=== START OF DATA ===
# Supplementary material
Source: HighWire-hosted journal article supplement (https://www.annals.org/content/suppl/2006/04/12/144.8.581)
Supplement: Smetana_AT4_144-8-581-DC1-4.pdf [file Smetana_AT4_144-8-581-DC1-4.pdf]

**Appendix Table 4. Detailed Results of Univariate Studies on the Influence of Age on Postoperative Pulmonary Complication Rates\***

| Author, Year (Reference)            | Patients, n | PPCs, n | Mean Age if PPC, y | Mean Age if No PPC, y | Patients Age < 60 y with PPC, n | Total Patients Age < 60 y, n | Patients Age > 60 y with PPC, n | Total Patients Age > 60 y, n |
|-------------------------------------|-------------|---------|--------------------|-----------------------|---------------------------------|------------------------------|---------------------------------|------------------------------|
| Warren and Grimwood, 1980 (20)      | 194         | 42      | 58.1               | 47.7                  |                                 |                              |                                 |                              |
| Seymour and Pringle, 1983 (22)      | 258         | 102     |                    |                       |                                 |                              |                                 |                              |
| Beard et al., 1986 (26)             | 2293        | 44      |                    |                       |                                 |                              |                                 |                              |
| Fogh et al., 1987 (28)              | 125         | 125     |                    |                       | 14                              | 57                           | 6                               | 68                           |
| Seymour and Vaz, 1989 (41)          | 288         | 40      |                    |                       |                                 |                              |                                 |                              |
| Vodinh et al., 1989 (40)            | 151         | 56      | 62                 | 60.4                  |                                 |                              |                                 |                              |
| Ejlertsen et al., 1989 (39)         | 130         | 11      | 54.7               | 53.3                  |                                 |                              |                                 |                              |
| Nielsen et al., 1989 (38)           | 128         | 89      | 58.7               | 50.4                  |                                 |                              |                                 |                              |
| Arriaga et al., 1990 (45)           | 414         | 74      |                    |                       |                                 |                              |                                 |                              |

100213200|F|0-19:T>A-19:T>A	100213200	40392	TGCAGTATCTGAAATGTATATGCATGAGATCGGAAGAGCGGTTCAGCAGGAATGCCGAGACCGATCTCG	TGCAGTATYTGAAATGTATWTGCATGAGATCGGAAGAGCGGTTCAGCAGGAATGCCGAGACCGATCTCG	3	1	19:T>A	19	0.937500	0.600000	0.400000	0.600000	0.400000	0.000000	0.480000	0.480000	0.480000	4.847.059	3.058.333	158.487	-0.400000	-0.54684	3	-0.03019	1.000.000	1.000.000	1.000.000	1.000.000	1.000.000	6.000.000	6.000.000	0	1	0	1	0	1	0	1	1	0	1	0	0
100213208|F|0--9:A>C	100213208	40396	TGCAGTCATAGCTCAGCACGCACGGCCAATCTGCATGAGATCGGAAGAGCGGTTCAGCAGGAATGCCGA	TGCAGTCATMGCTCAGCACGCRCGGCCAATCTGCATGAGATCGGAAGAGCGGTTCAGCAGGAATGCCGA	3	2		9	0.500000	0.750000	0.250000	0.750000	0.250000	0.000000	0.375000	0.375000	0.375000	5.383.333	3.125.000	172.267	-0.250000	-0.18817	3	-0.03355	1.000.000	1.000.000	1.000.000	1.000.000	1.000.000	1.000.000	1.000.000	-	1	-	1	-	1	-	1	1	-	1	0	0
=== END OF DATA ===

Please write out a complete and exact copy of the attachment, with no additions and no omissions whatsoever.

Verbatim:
# Supplementary material
Source: HighWire-hosted journal article supplement (https://www.annals.org/content/suppl/2006/04/12/144.8.581)
Supplement: Smetana_AT4_144-8-581-DC1-4.pdf [file Smetana_AT4_144-8-581-DC1-4.pdf]

**Appendix Table 4. Detailed Results of Univariate Studies on the Influence of Age on Postoperative Pulmonary Complication Rates\***

| Author, Year (Reference)            | Patients, n | PPCs, n | Mean Age if PPC, y | Mean Age if No PPC, y | Patients Age < 60 y with PPC, n | Total Patients Age < 60 y, n | Patients Age > 60 y with PPC, n | Total Patients Age > 60 y, n |
|-------------------------------------|-------------|---------|--------------------|-----------------------|---------------------------------|------------------------------|---------------------------------|------------------------------|
| Warren and Grimwood, 1980 (20)      | 194         | 42      | 58.1               | 47.7                  |                                 |                              |                                 |                              |
| Seymour and Pringle, 1983 (22)      | 258         | 102     |                    |                       |                                 |                              |                                 |                              |
| Beard et al., 1986 (26)             | 2293        | 44      |                    |                       |                                 |                              |                                 |                              |
| Fogh et al., 1987 (28)              | 125         | 125     |                    |                       | 14                              | 57                           | 6                               | 68                           |
| Seymour and Vaz, 1989 (41)          | 288         | 40      |                    |                       |                                 |                              |                                 |                              |
| Vodinh et al., 1989 (40)            | 151         | 56      | 62                 | 60.4                  |                                 |                              |                                 |                              |
| Ejlertsen et al., 1989 (39)         | 130         | 11      | 54.7               | 53.3                  |                                 |                              |                                 |                              |
| Nielsen et al., 1989 (38)           | 128         | 89      | 58.7               | 50.4                  |                                 |                              |                                 |                              |
| Arriaga et al., 1990 (45)           | 414         | 74      |                    |                       |                                 |                              |                                 |                              |

100213200|F|0-19:T>A-19:T>A	100213200	40392	TGCAGTATCTGAAATGTATATGCATGAGATCGGAAGAGCGGTTCAGCAGGAATGCCGAGACCGATCTCG	TGCAGTATYTGAAATGTATWTGCATGAGATCGGAAGAGCGGTTCAGCAGGAATGCCGAGACCGATCTCG	3	1	19:T>A	19	0.937500	0.600000	0.400000	0.600000	0.400000	0.000000	0.480000	0.480000	0.480000	4.847.059	3.058.333	158.487	-0.400000	-0.54684	3	-0.03019	1.000.000	1.000.000	1.000.000	1.000.000	1.000.000	6.000.000	6.000.000	0	1	0	1	0	1	0	1	1	0	1	0	0
100213208|F|0--9:A>C	100213208	40396	TGCAGTCATAGCTCAGCACGCACGGCCAATCTGCATGAGATCGGAAGAGCGGTTCAGCAGGAATGCCGA	TGCAGTCATMGCTCAGCACGCRCGGCCAATCTGCATGAGATCGGAAGAGCGGTTCAGCAGGAATGCCGA	3	2		9	0.500000	0.750000	0.250000	0.750000	0.250000	0.000000	0.375000	0.375000	0.375000	5.383.333	3.125.000	172.267	-0.250000	-0.18817	3	-0.03355	1.000.000	1.000.000	1.000.000	1.000.000	1.000.000	1.000.000	1.000.000	-	1	-	1	-	1	-	1	1	-	1	0	0